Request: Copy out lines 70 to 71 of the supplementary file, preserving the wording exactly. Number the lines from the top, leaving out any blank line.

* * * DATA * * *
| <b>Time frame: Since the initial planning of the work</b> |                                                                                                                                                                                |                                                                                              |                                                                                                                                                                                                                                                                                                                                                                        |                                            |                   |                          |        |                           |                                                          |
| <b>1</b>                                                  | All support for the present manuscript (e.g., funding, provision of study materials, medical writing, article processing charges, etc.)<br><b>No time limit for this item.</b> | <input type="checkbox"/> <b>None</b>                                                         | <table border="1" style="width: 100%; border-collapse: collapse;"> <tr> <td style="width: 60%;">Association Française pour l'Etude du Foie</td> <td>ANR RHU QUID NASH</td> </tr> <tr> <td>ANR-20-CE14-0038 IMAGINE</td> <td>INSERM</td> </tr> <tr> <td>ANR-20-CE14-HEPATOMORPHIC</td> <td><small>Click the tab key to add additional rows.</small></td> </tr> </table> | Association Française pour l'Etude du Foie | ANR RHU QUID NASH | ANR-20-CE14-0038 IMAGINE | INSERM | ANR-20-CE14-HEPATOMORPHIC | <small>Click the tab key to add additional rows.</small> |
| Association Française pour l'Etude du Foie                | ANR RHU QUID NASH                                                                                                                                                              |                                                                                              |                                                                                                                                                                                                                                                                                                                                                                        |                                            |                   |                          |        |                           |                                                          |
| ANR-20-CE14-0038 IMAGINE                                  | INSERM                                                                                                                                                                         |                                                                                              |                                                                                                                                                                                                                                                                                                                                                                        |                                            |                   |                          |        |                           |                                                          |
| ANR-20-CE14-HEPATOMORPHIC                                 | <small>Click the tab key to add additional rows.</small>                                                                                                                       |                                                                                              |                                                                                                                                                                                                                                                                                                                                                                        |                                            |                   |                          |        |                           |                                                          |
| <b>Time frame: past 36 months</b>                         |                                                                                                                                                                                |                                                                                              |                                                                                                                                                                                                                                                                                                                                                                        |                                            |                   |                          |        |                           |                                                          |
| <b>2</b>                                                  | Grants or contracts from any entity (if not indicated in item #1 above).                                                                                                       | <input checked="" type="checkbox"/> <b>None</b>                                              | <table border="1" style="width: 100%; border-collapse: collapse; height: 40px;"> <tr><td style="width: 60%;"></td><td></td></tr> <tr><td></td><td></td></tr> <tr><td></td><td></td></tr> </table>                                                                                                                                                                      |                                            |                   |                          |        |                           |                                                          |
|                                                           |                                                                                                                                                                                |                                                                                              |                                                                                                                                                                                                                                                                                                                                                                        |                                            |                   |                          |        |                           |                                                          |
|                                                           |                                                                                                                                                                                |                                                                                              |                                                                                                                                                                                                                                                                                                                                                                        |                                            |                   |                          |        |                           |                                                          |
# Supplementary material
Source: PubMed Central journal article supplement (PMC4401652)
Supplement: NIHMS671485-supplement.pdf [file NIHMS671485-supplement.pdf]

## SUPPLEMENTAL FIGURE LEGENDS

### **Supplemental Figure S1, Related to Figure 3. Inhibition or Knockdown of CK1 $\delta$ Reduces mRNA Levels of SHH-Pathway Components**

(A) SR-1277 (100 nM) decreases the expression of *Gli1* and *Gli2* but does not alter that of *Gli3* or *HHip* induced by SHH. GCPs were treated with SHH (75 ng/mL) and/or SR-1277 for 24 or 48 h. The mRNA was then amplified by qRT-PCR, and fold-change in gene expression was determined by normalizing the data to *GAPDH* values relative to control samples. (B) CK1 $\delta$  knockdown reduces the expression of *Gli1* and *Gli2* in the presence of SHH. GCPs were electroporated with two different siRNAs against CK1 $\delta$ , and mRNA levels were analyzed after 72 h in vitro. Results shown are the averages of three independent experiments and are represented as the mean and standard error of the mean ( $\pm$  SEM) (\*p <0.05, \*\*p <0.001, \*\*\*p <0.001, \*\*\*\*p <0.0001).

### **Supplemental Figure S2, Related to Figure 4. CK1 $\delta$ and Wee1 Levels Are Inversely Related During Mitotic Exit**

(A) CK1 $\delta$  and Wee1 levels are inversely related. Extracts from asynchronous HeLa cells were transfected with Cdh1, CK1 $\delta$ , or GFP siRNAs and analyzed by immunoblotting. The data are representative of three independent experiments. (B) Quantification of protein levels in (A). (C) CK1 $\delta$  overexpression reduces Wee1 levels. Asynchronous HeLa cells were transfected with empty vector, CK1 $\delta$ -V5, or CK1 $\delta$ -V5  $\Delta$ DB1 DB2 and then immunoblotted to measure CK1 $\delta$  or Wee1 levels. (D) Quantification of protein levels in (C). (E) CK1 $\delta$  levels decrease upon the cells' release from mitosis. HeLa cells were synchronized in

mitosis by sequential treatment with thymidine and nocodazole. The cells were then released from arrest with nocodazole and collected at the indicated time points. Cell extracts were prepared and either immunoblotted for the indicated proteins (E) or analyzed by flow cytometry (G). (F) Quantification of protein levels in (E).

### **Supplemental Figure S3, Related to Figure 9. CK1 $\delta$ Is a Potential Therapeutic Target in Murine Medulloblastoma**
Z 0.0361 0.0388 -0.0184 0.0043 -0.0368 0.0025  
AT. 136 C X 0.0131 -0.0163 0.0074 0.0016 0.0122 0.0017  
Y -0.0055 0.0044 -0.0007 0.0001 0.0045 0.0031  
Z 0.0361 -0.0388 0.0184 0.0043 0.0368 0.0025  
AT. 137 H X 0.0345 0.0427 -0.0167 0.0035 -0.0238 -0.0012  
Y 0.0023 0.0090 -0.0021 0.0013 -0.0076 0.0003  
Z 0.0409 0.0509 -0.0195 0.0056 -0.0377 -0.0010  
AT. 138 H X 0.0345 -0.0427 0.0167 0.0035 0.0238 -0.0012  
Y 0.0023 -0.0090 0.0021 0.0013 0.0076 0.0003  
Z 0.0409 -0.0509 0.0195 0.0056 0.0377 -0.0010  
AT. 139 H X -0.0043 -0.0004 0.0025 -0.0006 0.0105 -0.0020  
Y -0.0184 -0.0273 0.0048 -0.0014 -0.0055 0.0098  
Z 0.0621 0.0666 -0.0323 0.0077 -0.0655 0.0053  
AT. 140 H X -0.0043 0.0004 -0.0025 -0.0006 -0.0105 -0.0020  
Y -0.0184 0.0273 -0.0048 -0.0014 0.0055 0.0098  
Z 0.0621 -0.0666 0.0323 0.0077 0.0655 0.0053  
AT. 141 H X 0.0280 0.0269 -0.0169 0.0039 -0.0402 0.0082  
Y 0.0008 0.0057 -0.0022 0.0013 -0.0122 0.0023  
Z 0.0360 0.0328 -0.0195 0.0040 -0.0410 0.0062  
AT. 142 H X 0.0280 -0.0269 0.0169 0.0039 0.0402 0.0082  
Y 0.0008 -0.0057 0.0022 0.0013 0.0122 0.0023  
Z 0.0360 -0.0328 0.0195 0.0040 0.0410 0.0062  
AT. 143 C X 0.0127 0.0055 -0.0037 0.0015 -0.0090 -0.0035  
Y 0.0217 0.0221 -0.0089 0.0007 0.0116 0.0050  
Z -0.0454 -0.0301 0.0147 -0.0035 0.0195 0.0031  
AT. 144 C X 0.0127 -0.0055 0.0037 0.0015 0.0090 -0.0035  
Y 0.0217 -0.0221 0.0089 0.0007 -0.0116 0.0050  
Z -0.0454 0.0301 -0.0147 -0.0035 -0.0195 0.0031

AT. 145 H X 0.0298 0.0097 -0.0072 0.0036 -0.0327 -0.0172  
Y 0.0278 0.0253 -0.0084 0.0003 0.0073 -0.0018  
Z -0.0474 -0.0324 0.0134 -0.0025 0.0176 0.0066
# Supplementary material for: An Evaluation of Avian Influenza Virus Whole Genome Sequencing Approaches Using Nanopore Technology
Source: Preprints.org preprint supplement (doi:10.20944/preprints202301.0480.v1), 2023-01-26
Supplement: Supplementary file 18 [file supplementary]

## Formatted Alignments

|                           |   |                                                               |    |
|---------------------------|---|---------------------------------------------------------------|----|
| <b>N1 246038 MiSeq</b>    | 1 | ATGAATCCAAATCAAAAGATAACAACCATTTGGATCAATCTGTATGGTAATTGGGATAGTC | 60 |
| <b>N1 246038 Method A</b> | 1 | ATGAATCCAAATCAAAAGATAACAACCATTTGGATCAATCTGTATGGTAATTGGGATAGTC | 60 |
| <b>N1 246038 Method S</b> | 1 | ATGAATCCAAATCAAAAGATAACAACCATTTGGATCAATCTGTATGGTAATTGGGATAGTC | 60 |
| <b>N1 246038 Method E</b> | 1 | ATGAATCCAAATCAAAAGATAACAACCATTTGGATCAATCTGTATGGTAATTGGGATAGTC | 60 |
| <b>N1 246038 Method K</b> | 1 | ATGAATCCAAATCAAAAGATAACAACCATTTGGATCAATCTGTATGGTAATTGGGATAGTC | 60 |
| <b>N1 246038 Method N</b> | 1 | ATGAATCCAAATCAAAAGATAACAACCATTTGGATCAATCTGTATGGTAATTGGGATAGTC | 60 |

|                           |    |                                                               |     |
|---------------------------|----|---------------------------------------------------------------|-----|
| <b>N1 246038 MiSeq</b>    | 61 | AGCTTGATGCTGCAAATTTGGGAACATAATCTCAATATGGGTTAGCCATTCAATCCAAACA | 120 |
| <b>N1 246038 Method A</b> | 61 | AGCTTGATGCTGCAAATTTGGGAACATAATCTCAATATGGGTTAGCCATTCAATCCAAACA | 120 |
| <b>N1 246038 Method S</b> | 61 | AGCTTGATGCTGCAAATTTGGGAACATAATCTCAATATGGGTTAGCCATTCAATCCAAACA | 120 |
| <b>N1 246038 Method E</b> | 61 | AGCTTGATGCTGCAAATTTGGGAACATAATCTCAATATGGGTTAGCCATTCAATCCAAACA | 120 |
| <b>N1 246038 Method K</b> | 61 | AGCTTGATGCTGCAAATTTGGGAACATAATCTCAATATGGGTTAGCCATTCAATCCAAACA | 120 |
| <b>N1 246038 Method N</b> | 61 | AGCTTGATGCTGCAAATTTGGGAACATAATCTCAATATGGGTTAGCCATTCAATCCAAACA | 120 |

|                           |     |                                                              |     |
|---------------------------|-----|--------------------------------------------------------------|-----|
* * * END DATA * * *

| <b>N1 246038 Method N</b> | 61 | AGCTTGATGCTGCAAATTTGGGAACATAATCTCAATATGGGTTAGCCATTCAATCCAAACA | 120 |

|                           |     |                                                              |     |